Living amidst one of the fastest growing HIV epidemics in Europe, with among the highest rates of both HIV and TB, one in eight people living with HIV in Ukraine also has tuberculosis and one in eight living with HIV dies, according to a report from, the country’s Anti-corruption Action Centre, and All Ukrainian Network of People Living With HIV/AIDS.
Ukraine is a middle-income country with the right to free medical care built into the constitution, yet the government provides only 43 percent of the antiretroviral medicine needed to treat those with HIV, and does not manage to provide treatment for all TB patients, either. Those who do receive treatment experience interruptions due to delays in delivery of medicines. Of everyone with HIV who died in the first half of the year, only 41 percent were receiving treatment, and just a little more than 5 percent of them had received continuous treatment in the last year of their lives. And yet in 2013 Ukraine government agencies spent 87 percent of the budget allocated for antiretroviral and anti-TB medicines. One problem? The government was paying prices for medicines that were as much as 300 percent higher than the prices paid by the All Ukrainian Network of PLWH.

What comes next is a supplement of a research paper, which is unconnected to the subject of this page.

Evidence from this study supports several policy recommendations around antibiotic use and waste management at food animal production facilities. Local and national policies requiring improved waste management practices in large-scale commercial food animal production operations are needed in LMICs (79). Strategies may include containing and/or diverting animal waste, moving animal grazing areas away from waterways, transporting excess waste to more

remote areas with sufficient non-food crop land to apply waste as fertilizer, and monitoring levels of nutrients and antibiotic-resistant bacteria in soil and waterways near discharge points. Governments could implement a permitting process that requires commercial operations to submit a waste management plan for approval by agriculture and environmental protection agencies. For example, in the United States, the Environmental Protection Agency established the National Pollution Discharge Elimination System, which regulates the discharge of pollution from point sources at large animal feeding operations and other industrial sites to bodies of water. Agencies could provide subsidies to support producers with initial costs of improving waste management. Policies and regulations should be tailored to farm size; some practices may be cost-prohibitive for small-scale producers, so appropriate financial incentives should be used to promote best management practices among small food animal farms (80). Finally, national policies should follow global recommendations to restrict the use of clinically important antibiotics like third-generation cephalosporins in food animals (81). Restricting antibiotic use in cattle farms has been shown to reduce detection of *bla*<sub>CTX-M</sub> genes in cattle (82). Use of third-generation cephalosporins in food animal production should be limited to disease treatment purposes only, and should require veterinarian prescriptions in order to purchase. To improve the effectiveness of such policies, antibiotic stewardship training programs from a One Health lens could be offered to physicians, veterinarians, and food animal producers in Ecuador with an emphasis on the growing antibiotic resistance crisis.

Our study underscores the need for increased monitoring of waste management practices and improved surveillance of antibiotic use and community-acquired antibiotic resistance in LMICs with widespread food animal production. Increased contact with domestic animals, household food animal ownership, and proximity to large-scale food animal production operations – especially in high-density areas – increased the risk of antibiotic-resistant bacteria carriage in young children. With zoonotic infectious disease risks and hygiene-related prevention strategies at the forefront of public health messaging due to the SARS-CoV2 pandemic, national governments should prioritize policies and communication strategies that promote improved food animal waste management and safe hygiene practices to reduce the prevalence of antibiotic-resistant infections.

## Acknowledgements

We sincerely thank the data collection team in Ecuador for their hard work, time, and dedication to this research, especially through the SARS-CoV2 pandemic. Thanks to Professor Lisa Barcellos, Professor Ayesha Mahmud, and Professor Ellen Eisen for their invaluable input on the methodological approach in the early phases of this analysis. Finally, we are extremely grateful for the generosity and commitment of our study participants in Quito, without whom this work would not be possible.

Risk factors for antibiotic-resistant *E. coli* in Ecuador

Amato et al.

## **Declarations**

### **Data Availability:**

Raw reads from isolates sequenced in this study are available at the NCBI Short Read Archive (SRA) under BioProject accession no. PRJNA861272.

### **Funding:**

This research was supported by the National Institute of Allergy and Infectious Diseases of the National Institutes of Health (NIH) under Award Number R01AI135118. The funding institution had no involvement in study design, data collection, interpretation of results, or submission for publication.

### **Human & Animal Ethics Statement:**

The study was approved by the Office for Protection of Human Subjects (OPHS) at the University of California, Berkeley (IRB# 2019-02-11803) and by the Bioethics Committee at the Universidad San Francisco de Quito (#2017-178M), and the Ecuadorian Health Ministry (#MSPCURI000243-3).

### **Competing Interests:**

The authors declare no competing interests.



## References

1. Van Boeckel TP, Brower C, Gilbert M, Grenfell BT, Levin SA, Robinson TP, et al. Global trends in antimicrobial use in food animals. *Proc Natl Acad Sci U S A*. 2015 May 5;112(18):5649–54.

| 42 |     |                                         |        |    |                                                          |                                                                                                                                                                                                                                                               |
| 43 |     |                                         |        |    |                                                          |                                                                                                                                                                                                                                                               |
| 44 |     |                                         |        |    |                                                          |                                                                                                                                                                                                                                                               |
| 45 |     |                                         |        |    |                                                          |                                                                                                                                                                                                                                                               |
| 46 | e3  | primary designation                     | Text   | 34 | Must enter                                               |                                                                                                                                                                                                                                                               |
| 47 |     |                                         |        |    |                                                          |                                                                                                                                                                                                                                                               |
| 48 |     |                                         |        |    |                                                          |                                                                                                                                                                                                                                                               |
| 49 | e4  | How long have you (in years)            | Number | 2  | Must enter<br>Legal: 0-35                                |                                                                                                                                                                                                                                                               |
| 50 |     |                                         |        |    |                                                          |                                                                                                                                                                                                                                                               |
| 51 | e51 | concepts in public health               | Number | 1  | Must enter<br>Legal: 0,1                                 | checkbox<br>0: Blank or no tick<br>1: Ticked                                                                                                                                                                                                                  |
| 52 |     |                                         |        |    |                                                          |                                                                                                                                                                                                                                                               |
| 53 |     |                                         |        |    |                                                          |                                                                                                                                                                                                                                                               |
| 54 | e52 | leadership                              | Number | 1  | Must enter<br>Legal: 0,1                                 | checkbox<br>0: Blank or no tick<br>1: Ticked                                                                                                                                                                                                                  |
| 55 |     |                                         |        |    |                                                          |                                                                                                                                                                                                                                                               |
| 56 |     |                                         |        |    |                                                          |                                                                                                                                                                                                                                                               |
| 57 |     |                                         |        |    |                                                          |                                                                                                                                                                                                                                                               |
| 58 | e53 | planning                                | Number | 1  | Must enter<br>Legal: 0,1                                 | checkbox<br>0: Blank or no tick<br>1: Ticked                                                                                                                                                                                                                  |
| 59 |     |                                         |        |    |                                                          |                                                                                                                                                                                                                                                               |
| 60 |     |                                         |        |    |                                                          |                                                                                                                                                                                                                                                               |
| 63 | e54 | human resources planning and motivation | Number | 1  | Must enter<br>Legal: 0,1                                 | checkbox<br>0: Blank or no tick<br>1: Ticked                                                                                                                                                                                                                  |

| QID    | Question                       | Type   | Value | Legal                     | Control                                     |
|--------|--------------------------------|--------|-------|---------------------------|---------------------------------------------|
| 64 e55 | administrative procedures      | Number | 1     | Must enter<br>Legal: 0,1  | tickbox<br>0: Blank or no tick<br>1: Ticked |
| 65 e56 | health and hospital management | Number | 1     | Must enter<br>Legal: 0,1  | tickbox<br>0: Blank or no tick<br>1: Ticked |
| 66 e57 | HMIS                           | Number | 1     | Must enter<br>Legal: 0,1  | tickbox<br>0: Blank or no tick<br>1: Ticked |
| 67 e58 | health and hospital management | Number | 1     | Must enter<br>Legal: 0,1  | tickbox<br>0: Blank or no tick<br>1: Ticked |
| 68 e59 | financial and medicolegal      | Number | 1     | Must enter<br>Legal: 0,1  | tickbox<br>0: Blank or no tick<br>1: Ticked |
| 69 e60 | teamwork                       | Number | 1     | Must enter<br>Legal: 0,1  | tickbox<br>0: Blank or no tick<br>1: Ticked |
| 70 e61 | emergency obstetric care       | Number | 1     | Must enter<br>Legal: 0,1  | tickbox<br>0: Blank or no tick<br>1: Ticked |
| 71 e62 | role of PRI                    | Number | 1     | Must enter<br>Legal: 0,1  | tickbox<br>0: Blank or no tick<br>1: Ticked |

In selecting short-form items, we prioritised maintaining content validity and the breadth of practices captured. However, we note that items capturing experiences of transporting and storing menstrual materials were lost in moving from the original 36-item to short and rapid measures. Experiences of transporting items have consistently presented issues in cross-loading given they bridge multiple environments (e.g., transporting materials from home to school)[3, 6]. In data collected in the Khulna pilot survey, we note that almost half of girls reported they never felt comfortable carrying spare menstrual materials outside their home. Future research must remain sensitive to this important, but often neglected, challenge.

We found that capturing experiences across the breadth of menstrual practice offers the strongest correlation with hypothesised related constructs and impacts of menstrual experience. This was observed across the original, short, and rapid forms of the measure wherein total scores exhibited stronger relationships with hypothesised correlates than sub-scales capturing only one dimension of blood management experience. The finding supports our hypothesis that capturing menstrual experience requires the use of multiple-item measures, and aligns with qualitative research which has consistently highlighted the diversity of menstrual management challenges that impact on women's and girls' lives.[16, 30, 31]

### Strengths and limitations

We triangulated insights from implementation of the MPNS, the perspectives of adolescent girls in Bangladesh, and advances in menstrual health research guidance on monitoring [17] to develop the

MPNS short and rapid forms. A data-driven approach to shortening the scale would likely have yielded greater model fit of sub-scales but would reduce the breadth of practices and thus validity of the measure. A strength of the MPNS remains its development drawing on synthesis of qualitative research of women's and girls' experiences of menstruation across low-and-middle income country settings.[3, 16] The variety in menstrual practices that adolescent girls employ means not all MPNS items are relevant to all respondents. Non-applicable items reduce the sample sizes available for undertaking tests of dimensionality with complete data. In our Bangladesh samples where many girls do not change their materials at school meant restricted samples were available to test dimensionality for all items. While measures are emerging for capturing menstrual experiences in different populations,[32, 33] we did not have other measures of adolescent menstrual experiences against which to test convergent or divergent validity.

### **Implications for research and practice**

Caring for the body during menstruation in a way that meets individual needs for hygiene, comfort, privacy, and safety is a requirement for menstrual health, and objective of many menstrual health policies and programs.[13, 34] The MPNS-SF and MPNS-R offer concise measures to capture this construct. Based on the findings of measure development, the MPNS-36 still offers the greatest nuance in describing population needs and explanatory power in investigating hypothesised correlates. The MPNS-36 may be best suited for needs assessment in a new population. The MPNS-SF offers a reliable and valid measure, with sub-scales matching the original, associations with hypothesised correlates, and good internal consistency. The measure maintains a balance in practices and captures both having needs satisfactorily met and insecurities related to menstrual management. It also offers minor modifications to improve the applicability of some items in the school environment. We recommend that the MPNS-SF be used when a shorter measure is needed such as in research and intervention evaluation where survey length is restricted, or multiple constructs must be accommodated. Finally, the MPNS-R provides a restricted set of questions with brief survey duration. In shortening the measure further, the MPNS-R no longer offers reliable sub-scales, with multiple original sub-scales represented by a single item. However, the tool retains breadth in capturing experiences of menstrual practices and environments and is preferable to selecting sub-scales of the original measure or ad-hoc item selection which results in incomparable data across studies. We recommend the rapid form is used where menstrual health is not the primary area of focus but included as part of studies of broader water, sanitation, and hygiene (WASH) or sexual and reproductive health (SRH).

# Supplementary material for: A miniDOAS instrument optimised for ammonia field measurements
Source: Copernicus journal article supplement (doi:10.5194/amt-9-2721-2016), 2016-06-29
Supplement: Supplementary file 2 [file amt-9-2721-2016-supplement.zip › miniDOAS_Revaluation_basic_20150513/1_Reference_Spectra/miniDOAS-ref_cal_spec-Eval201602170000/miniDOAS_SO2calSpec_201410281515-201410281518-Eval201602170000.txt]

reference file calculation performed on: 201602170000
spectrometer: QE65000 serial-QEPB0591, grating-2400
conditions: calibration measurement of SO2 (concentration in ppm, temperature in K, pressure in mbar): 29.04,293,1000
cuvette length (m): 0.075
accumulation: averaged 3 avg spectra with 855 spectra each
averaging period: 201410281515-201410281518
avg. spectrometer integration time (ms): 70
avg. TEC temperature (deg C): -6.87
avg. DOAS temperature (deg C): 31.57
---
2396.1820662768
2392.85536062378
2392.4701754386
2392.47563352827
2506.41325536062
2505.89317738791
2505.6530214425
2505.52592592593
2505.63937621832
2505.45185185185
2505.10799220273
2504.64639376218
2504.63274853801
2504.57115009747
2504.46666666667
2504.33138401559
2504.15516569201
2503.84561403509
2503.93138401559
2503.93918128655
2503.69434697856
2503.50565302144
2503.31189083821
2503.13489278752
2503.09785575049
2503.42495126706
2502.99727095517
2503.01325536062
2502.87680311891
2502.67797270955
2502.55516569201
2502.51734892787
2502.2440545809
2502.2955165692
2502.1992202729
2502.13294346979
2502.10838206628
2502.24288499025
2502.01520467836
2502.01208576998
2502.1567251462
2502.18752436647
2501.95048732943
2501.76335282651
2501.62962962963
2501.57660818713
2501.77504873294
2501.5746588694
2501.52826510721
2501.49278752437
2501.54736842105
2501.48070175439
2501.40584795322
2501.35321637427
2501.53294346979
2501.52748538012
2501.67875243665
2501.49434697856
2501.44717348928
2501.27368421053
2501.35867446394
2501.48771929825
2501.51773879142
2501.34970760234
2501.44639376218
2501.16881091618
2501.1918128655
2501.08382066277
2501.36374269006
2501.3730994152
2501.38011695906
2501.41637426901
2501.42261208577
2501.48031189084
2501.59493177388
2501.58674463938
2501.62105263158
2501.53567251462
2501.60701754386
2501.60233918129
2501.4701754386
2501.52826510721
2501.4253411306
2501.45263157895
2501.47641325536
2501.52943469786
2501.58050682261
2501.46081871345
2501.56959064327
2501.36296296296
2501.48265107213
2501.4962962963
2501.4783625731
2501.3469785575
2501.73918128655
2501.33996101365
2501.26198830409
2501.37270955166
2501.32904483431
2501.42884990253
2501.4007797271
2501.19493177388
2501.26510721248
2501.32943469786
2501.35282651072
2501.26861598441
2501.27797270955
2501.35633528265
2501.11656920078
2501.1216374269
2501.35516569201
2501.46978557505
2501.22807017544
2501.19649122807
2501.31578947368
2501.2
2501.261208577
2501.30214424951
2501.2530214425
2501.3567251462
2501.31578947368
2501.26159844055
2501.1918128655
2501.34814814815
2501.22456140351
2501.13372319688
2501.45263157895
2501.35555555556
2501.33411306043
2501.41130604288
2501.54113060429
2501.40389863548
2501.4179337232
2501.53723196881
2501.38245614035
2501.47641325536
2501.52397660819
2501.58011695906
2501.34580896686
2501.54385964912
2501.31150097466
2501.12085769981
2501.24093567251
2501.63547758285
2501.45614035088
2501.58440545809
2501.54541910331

Who Makes Money on Epidemics of HIV/AIDS and Tuberculosis in Ukraine looks at how that works, with an investigation of how drug procurement processes benefit a select few companies, including ones that ostensibly compete against each other, and have the same owner. The report is part of a project called “Through transparent and efficient system of public procurement to save the lives of seriously ill Ukrainians,” and makes recommendations to reform the national system, as well as broader recommendations for international actions. Those include the creation of a public register of pharmaceutical procurement companies’ “beneficial owners,” to avert the scam of companies competing against themselves, including greater civil society oversight into drug procurement, and ensuring greater transparency in the process.